That’s not how the film unfolds. In fact, that scene with the stranger (former pro-wrestler Dave Bautista) emerging from the woods is the first of the movie. He’s already talking to the little girl, and describing part of his reason for being there, before the audience knows virtually anything about the fathers… who haven’t even appeared on camera up til that point (the scenes with the family driving to the cabin, singing aloud, and swimming in the pond, are inexplicably reserved for flashbacks later in the film).
The movie basically leads with its premise and even its major action scene (as depicted in the trailer), before the audience has even had a chance to invest in the characters. And though the characters are better developed as the movie goes on, the seemingly “let’s move things along” sequencing of the film never really lets the audience catch up with how they should feel about the family (which is key to the story) or even the nuanced intruders (an especially interesting one is gone before you know it). The presentation was very un-Shyamalan like, and the odd hurriedness persisted throughout the entire film (not merely in accordance with a time element that does exist in the story).
Also, if you were expecting some profound twist at the end, as Shyamalan has been well-known to deliver, think again. Things were played uncharacteristically safe, not just with the ending, but also with some touched-on themes throughout.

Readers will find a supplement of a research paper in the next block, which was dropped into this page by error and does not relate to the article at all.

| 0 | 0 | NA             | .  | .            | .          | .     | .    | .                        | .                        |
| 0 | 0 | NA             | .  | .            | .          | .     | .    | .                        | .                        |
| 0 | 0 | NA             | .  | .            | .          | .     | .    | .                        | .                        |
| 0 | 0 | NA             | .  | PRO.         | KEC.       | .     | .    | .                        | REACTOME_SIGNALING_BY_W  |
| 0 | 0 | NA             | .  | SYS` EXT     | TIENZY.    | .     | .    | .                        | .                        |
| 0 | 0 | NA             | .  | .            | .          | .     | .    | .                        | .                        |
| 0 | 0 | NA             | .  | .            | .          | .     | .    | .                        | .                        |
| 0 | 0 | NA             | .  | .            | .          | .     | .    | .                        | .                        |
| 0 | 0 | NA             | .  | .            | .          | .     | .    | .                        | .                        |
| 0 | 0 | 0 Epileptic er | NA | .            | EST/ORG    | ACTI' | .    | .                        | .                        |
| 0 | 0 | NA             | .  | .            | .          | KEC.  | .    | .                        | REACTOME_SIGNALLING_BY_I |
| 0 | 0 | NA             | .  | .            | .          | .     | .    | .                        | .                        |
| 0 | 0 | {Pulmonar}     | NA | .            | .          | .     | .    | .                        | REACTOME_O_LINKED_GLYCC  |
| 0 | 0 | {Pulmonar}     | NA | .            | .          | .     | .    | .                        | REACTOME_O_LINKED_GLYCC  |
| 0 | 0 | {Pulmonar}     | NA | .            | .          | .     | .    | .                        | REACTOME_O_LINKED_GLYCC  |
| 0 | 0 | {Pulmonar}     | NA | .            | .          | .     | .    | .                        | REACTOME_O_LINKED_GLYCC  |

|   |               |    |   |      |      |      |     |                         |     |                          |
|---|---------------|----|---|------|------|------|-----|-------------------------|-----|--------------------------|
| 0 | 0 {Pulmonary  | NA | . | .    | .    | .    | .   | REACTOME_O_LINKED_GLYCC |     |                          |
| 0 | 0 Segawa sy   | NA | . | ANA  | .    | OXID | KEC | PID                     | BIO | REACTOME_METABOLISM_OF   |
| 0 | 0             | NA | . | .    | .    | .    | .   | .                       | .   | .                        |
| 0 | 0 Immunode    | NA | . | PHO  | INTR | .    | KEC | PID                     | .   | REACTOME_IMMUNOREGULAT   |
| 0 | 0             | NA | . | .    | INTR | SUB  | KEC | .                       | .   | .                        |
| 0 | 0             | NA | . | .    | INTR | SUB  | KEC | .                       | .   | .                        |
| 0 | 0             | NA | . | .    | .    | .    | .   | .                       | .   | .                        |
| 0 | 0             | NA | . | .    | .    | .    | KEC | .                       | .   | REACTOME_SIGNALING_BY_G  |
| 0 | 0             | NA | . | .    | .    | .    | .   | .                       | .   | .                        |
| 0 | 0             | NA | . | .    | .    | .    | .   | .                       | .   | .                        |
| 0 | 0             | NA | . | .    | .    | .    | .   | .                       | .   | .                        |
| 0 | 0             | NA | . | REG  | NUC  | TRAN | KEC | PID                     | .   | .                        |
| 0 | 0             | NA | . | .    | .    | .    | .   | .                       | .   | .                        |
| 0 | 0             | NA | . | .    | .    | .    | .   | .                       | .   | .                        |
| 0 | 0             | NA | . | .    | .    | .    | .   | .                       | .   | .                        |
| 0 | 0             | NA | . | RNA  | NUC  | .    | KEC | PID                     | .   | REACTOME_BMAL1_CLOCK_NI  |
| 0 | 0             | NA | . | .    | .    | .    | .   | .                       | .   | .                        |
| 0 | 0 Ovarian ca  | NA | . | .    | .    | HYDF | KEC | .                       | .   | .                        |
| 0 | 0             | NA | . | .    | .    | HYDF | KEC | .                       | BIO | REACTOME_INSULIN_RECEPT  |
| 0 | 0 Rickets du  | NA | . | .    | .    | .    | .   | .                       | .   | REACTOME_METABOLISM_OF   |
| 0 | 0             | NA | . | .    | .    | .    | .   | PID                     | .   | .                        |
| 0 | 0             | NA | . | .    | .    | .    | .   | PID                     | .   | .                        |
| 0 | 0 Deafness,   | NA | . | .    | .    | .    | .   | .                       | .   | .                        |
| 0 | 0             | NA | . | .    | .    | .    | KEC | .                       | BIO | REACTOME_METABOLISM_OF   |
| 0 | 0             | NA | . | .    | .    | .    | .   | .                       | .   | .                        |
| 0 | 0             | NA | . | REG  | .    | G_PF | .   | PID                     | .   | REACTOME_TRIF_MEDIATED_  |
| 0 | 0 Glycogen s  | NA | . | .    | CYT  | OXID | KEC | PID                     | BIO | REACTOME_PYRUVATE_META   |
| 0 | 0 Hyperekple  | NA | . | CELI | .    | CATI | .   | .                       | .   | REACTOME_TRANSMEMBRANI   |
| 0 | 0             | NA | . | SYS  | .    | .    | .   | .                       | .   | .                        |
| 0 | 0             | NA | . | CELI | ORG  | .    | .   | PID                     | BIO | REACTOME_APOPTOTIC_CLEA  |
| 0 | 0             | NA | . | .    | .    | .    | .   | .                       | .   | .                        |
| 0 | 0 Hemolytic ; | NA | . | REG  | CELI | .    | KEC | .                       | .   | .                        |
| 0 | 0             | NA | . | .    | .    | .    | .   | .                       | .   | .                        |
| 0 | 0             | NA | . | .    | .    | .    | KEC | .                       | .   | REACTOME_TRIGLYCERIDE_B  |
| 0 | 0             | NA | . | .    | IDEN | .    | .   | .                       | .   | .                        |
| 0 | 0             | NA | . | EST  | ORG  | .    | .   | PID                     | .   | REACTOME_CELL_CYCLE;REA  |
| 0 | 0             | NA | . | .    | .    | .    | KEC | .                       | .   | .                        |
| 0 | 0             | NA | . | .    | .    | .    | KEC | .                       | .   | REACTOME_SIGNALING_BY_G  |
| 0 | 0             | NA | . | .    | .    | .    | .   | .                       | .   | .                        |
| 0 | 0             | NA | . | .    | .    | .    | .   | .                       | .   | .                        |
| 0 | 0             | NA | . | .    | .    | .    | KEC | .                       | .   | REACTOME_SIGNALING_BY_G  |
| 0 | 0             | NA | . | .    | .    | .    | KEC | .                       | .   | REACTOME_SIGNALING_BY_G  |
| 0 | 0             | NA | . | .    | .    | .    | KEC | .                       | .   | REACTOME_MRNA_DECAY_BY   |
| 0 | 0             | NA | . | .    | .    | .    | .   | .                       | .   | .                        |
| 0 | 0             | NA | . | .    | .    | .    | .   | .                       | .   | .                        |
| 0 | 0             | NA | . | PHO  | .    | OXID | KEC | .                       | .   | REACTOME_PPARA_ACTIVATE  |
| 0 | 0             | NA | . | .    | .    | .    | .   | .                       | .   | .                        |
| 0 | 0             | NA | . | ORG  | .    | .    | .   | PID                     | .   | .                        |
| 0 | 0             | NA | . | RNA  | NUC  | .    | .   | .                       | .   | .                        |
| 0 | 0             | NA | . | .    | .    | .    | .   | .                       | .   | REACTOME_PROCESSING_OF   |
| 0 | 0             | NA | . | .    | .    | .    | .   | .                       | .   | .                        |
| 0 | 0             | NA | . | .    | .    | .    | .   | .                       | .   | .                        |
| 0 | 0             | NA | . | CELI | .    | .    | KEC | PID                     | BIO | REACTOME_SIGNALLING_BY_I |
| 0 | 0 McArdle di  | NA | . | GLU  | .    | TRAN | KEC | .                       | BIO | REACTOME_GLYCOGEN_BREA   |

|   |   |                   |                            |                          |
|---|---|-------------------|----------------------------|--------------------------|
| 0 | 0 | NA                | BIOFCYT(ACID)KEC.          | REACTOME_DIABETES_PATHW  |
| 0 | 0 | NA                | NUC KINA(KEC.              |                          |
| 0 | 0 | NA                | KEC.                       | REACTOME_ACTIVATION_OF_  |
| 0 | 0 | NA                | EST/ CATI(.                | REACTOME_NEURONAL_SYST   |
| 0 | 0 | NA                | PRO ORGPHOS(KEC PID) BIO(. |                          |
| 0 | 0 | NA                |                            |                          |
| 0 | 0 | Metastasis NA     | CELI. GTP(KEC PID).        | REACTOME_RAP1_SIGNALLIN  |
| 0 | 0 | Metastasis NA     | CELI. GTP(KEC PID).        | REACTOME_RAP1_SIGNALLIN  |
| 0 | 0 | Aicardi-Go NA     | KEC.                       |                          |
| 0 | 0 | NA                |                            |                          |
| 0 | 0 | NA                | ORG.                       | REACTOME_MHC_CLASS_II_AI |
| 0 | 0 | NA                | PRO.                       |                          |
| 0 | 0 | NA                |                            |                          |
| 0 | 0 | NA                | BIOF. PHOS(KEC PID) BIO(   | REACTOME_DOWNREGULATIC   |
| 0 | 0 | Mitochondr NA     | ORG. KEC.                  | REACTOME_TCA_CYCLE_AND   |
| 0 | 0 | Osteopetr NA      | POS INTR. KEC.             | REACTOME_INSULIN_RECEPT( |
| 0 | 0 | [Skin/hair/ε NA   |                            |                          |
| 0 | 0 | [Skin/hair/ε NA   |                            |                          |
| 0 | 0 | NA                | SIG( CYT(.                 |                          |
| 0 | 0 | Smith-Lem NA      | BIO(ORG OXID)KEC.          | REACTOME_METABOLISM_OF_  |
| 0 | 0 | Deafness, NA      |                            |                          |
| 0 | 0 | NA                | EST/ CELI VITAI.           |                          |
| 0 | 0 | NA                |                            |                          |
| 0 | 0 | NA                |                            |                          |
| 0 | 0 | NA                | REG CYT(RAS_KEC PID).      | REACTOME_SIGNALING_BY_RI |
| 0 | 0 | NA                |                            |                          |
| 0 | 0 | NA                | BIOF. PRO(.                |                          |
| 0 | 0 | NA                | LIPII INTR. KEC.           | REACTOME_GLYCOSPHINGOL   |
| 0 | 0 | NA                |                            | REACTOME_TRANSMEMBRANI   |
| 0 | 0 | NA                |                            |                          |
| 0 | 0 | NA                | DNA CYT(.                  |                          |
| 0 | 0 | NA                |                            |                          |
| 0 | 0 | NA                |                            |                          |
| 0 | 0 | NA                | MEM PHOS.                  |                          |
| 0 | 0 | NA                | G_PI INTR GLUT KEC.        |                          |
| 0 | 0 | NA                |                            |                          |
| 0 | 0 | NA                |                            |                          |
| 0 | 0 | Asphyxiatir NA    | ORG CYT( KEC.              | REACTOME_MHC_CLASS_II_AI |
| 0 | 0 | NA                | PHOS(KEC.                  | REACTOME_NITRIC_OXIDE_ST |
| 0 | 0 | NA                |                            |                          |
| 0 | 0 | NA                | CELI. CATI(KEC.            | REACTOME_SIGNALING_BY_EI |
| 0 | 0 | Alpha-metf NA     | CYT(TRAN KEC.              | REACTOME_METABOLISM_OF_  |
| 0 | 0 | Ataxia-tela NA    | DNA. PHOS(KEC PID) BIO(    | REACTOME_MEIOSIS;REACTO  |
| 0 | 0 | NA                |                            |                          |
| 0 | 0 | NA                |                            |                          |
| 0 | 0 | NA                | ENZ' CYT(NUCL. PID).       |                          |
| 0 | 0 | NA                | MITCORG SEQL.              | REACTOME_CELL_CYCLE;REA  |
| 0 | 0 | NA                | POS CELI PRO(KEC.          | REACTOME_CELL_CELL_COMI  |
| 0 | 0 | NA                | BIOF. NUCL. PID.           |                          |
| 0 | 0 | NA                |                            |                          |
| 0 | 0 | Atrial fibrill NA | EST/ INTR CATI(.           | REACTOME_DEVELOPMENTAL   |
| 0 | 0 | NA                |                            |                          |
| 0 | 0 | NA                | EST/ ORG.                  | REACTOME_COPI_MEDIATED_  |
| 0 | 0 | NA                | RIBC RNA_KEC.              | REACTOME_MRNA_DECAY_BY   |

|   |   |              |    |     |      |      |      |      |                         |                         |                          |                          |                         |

Still, like I said, the film isn’t bad. It’s just not so great. I think what saves it, beyond the eeriness of its premise, is the acting… most notably Dave Bautista’s. While all of the actors and actresses do a great job with what they’ve been given, Bautista (who most know these days from his portrayal of super-hero Drax the Destroyer in the Marvel films) particularly shines. Some of it certainly has to do with his unique, hulkish appearance (which adds to the film’s tension), but the soothing, morally nuanced delivery of his lines and mannerisms is especially impressive. Shyamalan recently referred to Bautista as a “complex” actor. Prior to this film, I wouldn’t have bought it. Now I’m a believer.
I just wish Shyamalan would have borrowed more from his own arsenal, and taken the type of risks he’s taken in the past. If he had, this film could have been one of his stand-outs — of the good variety. Unfortunately, it felt more like a placeholder for whatever he comes up with a next… which I’ll assuredly check out.
Have a favorite M. Night Shyamalan film? If so, let me know it in an email or in the comment section below. Mine’s “Unbreakable.”
Obligatory Dog Shot
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Today’s album was sort of a “meh, why not?” type purchase a few weeks ago from a record store I had a gift-card to. I do like blues music, though I don’t listen to a ton of it. But I’m glad I picked this one up.
B.B. King’s “In London” from 1971 is a smooth listen. King, an absolute legend, is accompanied by a number of big U.S. and British musicians of that time, and the result is lots of guitar-driven coolness that sounds particularly good in vinyl.